Forum for Science, Industry and Business

Sponsored by:     3M 
Search our Site:

 

Stanford study shows hypnosis helps kids undergoing difficult procedure

04.01.2005


Elaine Miller desperately wanted to find a way to help her daughter, Hannah, endure an awkward and painful medical examination in which doctors insert a catheter into her bladder, inject a dye and ask her to urinate while being X-rayed.



The girl had been through the procedure four times by age 7, and she dreaded going through it again. So when researchers at the Stanford University School of Medicine offered hypnosis, Miller welcomed the chance. "I had tried every angle I could to either avoid the test for my daughter or make it less traumatic," she said.

Researchers found that hypnosis lessened distress in Hannah and other young patients who, because of an anomaly in their urinary tracts, must undergo the difficult annual exam called voiding cystourethography, or VCUG, to see if urine is backing up into their kidneys. "Hypnosis was really the only thing that helped," said Miller.


Many clinical reports suggest that hypnosis can make it easier to quit smoking, reduce the pain of cancer and giving birth and help reduce the stress of medical procedures, but reviews of the literature call for better-designed, randomized studies that place such uses of hypnosis squarely in the domain of evidence-based medicine. The Stanford study, published Jan. 3 in the online version of Pediatrics, is one of only a handful of randomized trials to look at whether hypnosis reduces pain and stress during medical procedures in children.

Four or five patients undergo the stressful VCUG catheterization on any given day at Lucile Packard Children’s Hospital at Stanford. Many doctors wish that they could avoid putting children through the procedure, as it is so unpleasant, but there’s no alternative. And sedation is out of the question because children have to be alert enough to urinate during the VCUG. "It’s abusive, almost," said Linda Shortliffe, MD, professor of urology and the hospital’s chief of pediatric urology. "It involves using some force in a sensitive place, but we can’t do the exam without the catheter."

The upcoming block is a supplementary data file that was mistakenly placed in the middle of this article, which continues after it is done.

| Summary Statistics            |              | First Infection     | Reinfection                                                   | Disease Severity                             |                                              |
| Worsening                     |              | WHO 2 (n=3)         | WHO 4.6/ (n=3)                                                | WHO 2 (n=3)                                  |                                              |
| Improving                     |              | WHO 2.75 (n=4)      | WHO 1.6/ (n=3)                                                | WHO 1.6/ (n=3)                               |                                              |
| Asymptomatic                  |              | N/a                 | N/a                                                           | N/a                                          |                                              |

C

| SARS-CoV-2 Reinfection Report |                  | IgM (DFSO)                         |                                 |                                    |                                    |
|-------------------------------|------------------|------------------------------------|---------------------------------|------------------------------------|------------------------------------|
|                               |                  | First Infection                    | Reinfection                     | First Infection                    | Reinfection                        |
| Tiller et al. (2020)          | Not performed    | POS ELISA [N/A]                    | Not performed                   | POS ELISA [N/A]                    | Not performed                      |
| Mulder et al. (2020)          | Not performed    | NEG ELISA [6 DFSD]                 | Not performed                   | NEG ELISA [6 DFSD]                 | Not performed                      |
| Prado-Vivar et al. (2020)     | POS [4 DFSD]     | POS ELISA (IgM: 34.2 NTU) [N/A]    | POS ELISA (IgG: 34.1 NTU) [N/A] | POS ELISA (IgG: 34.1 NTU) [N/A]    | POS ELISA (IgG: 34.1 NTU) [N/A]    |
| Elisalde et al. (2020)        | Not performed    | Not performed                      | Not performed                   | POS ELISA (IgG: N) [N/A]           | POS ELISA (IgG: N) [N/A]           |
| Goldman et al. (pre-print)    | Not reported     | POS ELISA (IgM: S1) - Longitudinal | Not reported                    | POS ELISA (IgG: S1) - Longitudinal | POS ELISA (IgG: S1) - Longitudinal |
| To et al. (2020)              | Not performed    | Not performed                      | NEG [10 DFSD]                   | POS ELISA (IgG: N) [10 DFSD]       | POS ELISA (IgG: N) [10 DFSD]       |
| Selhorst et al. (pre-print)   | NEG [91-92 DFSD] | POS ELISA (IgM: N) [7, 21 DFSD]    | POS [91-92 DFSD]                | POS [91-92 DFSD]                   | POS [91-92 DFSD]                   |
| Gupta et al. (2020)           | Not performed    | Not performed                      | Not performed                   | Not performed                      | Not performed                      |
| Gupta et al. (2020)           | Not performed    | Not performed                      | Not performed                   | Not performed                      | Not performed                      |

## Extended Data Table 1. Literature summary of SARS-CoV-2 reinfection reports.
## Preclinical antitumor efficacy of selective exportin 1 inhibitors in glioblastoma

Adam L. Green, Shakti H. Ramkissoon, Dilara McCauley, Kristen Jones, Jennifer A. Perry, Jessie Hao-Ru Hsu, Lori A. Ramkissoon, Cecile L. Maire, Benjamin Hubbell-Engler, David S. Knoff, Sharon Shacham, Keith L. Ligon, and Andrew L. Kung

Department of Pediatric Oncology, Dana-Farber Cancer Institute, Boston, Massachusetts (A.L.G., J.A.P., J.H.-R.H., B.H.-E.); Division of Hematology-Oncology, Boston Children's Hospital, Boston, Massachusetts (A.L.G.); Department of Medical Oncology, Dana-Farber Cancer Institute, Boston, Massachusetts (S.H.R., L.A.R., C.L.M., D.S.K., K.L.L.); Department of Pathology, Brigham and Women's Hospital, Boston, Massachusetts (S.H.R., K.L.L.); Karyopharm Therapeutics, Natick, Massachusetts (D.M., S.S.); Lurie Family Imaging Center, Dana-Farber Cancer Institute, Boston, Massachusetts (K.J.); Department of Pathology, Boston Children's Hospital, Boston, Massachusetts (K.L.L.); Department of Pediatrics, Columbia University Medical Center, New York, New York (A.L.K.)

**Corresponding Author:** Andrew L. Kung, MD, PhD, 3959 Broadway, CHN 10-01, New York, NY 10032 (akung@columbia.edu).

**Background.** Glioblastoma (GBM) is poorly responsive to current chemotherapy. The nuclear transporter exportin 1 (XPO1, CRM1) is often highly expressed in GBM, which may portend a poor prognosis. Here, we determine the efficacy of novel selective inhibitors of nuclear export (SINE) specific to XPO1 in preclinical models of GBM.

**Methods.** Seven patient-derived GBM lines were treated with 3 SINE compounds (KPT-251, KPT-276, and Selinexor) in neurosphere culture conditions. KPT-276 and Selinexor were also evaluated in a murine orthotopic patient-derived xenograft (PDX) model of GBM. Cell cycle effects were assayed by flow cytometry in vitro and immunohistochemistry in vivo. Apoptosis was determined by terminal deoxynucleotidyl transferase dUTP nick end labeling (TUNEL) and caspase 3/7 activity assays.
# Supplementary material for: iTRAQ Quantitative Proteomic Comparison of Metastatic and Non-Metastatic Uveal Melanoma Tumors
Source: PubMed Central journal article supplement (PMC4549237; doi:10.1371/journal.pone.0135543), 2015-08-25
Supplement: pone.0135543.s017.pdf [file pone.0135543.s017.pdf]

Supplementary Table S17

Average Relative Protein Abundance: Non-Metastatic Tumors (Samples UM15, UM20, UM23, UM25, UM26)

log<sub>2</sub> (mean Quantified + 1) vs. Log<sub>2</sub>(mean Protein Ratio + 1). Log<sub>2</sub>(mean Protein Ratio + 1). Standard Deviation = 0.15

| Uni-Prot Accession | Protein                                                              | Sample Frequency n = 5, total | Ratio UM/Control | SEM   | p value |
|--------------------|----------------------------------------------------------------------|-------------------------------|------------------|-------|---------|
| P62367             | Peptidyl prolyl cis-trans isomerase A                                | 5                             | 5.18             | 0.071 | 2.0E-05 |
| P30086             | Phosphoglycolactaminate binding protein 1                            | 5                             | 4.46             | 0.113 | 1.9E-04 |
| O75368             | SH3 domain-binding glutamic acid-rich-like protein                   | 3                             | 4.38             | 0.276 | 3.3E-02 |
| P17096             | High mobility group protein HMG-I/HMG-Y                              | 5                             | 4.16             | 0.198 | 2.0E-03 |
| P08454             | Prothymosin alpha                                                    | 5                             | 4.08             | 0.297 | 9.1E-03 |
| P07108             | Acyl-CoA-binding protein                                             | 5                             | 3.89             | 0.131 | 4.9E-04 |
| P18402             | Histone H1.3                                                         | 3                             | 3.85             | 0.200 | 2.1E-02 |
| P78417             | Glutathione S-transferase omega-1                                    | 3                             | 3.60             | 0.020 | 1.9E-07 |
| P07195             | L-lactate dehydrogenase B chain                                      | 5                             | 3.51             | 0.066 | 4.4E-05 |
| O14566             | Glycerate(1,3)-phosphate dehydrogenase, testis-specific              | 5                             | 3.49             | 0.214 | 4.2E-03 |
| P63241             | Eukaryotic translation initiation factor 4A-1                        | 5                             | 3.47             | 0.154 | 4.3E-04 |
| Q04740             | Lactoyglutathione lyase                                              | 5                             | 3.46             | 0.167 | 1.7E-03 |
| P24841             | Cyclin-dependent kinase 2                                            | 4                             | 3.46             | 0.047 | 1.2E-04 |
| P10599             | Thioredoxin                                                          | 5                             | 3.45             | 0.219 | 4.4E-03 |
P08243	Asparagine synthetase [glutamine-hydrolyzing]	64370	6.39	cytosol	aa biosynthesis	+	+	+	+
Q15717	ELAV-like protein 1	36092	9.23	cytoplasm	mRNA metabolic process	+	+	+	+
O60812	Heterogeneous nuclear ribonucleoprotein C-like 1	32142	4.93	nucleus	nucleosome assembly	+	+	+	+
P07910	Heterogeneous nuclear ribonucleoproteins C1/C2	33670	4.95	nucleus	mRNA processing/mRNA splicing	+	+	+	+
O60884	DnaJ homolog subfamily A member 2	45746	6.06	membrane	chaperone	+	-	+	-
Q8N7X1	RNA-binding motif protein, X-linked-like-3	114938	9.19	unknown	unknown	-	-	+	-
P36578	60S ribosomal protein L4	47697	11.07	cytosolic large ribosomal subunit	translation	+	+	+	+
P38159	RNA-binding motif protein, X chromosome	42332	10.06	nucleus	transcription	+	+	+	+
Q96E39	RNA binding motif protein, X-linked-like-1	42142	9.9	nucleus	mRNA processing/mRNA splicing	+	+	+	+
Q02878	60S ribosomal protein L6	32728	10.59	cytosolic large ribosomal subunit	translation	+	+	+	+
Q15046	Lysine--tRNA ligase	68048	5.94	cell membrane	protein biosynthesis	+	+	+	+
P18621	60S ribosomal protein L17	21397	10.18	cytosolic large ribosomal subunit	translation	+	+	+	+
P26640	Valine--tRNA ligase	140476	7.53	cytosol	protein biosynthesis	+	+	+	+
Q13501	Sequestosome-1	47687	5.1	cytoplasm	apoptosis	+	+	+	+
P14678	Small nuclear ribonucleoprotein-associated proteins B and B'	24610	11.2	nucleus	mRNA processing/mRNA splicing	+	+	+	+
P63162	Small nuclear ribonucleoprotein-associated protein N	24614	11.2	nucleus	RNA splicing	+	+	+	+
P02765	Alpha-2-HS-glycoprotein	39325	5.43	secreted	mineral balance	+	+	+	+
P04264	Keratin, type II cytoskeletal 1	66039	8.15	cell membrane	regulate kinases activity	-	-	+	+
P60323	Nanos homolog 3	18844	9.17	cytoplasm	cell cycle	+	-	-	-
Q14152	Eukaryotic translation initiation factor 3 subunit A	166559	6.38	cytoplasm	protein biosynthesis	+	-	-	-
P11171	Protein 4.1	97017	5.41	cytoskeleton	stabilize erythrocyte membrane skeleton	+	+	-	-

Hypnosis, the researchers hypothesized, would give the children more control of their experience by teaching them to focus on being somewhere else, potentially helping them to deal with the anxiety and pain caused by the catheterization.

Forty-four children participated in the study. All had been through at least one distressing VCUG in the past. About half, including Hannah, received self-hypnosis training while the other half received routine care, which included a preparation session with a recreational therapist who taught some breathing techniques and demonstrated the VCUG using a doll.

According to the paper, the use of hypnosis reduced the procedure’s duration from an average of 50 minutes down to 35. Although children in the study did not report experiencing less fear or pain after hypnosis, researchers suggested that this result might be due to kids’ desire to assert their displeasure in a bid to discourage being subject to another VCUG in the future. And, indeed, attending parents and neutral observers participating in the study reported less distress in hypnotized children compared with those given recreational therapy.

"With hypnosis we saw less crying, less distress during the preparation for the procedure and the technicians said the procedure was much easier to perform," said David Spiegel, MD, the Jack, Lulu and Samuel Willson Professor in Medicine and associate chair of psychiatry and behavioral sciences. Spiegel also directs the Stanford Center for Integrative Medicine and the Psychosocial Treatment Laboratory at Stanford and is an attending psychiatrist at the children’s hospital.

To learn self-hypnosis, Hannah Miller met with Spiegel a week before she was due for a VCUG. As Hannah remembers it, Spiegel asked her to imagine that a balloon tied to her wrist could take her anywhere she wanted to go and to picture doing her favorite things in that place. "So I pictured myself ice-skating in Hawaii," she said, "and swimming and snorkeling." After practicing self-hypnosis at home with her mother’s help during the ensuing week, Hannah said the examination went much better than it had in the past. "We narrowed down the worst 30 seconds of the test, and that’s when the visualization really helped," she said.